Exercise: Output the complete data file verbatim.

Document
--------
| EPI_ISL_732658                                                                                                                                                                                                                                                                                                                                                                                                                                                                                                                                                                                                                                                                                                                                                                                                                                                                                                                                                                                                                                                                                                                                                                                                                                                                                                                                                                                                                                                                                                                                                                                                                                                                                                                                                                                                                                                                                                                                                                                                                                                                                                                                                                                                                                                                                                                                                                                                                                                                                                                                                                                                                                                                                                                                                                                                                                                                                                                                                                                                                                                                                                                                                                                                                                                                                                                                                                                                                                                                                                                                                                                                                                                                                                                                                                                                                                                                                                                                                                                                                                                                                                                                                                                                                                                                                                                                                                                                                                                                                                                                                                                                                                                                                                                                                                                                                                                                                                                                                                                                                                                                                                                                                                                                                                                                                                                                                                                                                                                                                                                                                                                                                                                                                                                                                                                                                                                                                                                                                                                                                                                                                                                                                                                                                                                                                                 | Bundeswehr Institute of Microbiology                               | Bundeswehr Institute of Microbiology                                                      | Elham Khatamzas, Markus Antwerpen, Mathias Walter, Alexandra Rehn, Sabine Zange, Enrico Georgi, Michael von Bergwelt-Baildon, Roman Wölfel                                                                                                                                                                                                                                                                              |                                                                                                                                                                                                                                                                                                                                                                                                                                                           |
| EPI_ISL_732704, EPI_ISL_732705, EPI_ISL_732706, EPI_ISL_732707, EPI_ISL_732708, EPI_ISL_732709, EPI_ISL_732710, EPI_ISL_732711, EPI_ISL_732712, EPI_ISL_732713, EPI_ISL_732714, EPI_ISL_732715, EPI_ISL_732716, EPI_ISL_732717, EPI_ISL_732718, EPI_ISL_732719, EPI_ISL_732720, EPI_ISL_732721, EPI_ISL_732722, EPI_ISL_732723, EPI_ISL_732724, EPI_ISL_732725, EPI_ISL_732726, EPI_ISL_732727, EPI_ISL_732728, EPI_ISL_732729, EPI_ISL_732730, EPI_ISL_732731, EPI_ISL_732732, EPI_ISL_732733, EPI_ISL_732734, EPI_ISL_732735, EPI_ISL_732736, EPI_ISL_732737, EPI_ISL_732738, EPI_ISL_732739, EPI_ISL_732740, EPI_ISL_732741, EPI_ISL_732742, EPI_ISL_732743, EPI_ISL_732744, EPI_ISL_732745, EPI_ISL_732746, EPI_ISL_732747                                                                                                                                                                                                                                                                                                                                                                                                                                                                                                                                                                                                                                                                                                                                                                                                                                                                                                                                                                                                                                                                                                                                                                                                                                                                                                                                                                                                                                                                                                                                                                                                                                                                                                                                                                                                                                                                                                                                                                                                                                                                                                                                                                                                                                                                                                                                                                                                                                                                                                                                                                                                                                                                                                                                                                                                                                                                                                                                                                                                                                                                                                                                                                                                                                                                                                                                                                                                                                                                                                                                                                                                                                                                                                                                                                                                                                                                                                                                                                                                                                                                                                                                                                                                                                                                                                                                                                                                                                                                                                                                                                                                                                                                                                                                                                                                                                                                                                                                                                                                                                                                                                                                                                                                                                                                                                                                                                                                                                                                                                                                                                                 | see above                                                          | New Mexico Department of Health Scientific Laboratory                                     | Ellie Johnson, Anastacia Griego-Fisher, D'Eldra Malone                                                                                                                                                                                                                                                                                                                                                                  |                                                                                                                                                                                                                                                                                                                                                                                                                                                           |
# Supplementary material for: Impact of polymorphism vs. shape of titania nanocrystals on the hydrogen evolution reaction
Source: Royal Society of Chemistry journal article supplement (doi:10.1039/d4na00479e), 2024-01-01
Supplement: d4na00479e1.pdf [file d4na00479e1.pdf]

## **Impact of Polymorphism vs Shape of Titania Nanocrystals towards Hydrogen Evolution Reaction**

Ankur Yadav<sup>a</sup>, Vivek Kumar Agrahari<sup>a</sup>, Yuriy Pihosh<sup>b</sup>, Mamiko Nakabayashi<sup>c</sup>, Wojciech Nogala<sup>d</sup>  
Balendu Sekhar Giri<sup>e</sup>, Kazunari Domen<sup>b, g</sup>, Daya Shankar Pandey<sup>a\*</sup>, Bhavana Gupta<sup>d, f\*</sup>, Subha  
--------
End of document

| EPI_ISL_732658                                                                                                                                                                                                                                                                                                                                                                                                                                                                                                                                                                                                                                                                                                                                                                                                                                                                                                                                                                                                                                                                                                                                                                                                                                                                                                                                                                                                                                                                                                                                                                                                                                                                                                                                                                                                                                                                                                                                                                                                                                                                                                                                                                                                                                                                                                                                                                                                                                                                                                                                                                                                                                                                                                                                                                                                                                                                                                                                                                                                                                                                                                                                                                                                                                                                                                                                                                                                                                                                                                                                                                                                                                                                                                                                                                                                                                                                                                                                                                                                                                                                                                                                                                                                                                                                                                                                                                                                                                                                                                                                                                                                                                                                                                                                                                                                                                                                                                                                                                                                                                                                                                                                                                                                                                                                                                                                                                                                                                                                                                                                                                                                                                                                                                                                                                                                                                                                                                                                                                                                                                                                                                                                                                                                                                                                                                 | Bundeswehr Institute of Microbiology                               | Bundeswehr Institute of Microbiology                                                      | Elham Khatamzas, Markus Antwerpen, Mathias Walter, Alexandra Rehn, Sabine Zange, Enrico Georgi, Michael von Bergwelt-Baildon, Roman Wölfel                                                                                                                                                                                                                                                                              |                                                                                                                                                                                                                                                                                                                                                                                                                                                           |
| EPI_ISL_732704, EPI_ISL_732705, EPI_ISL_732706, EPI_ISL_732707, EPI_ISL_732708, EPI_ISL_732709, EPI_ISL_732710, EPI_ISL_732711, EPI_ISL_732712, EPI_ISL_732713, EPI_ISL_732714, EPI_ISL_732715, EPI_ISL_732716, EPI_ISL_732717, EPI_ISL_732718, EPI_ISL_732719, EPI_ISL_732720, EPI_ISL_732721, EPI_ISL_732722, EPI_ISL_732723, EPI_ISL_732724, EPI_ISL_732725, EPI_ISL_732726, EPI_ISL_732727, EPI_ISL_732728, EPI_ISL_732729, EPI_ISL_732730, EPI_ISL_732731, EPI_ISL_732732, EPI_ISL_732733, EPI_ISL_732734, EPI_ISL_732735, EPI_ISL_732736, EPI_ISL_732737, EPI_ISL_732738, EPI_ISL_732739, EPI_ISL_732740, EPI_ISL_732741, EPI_ISL_732742, EPI_ISL_732743, EPI_ISL_732744, EPI_ISL_732745, EPI_ISL_732746, EPI_ISL_732747                                                                                                                                                                                                                                                                                                                                                                                                                                                                                                                                                                                                                                                                                                                                                                                                                                                                                                                                                                                                                                                                                                                                                                                                                                                                                                                                                                                                                                                                                                                                                                                                                                                                                                                                                                                                                                                                                                                                                                                                                                                                                                                                                                                                                                                                                                                                                                                                                                                                                                                                                                                                                                                                                                                                                                                                                                                                                                                                                                                                                                                                                                                                                                                                                                                                                                                                                                                                                                                                                                                                                                                                                                                                                                                                                                                                                                                                                                                                                                                                                                                                                                                                                                                                                                                                                                                                                                                                                                                                                                                                                                                                                                                                                                                                                                                                                                                                                                                                                                                                                                                                                                                                                                                                                                                                                                                                                                                                                                                                                                                                                                                 | see above                                                          | New Mexico Department of Health Scientific Laboratory                                     | Ellie Johnson, Anastacia Griego-Fisher, D'Eldra Malone                                                                                                                                                                                                                                                                                                                                                                  |                                                                                                                                                                                                                                                                                                                                                                                                                                                           |
# Supplementary material for: Impact of polymorphism vs. shape of titania nanocrystals on the hydrogen evolution reaction
Source: Royal Society of Chemistry journal article supplement (doi:10.1039/d4na00479e), 2024-01-01
Supplement: d4na00479e1.pdf [file d4na00479e1.pdf]

## **Impact of Polymorphism vs Shape of Titania Nanocrystals towards Hydrogen Evolution Reaction**

Ankur Yadav<sup>a</sup>, Vivek Kumar Agrahari<sup>a</sup>, Yuriy Pihosh<sup>b</sup>, Mamiko Nakabayashi<sup>c</sup>, Wojciech Nogala<sup>d</sup>  
Balendu Sekhar Giri<sup>e</sup>, Kazunari Domen<sup>b, g</sup>, Daya Shankar Pandey<sup>a\*</sup>, Bhavana Gupta<sup>d, f\*</sup>, Subha  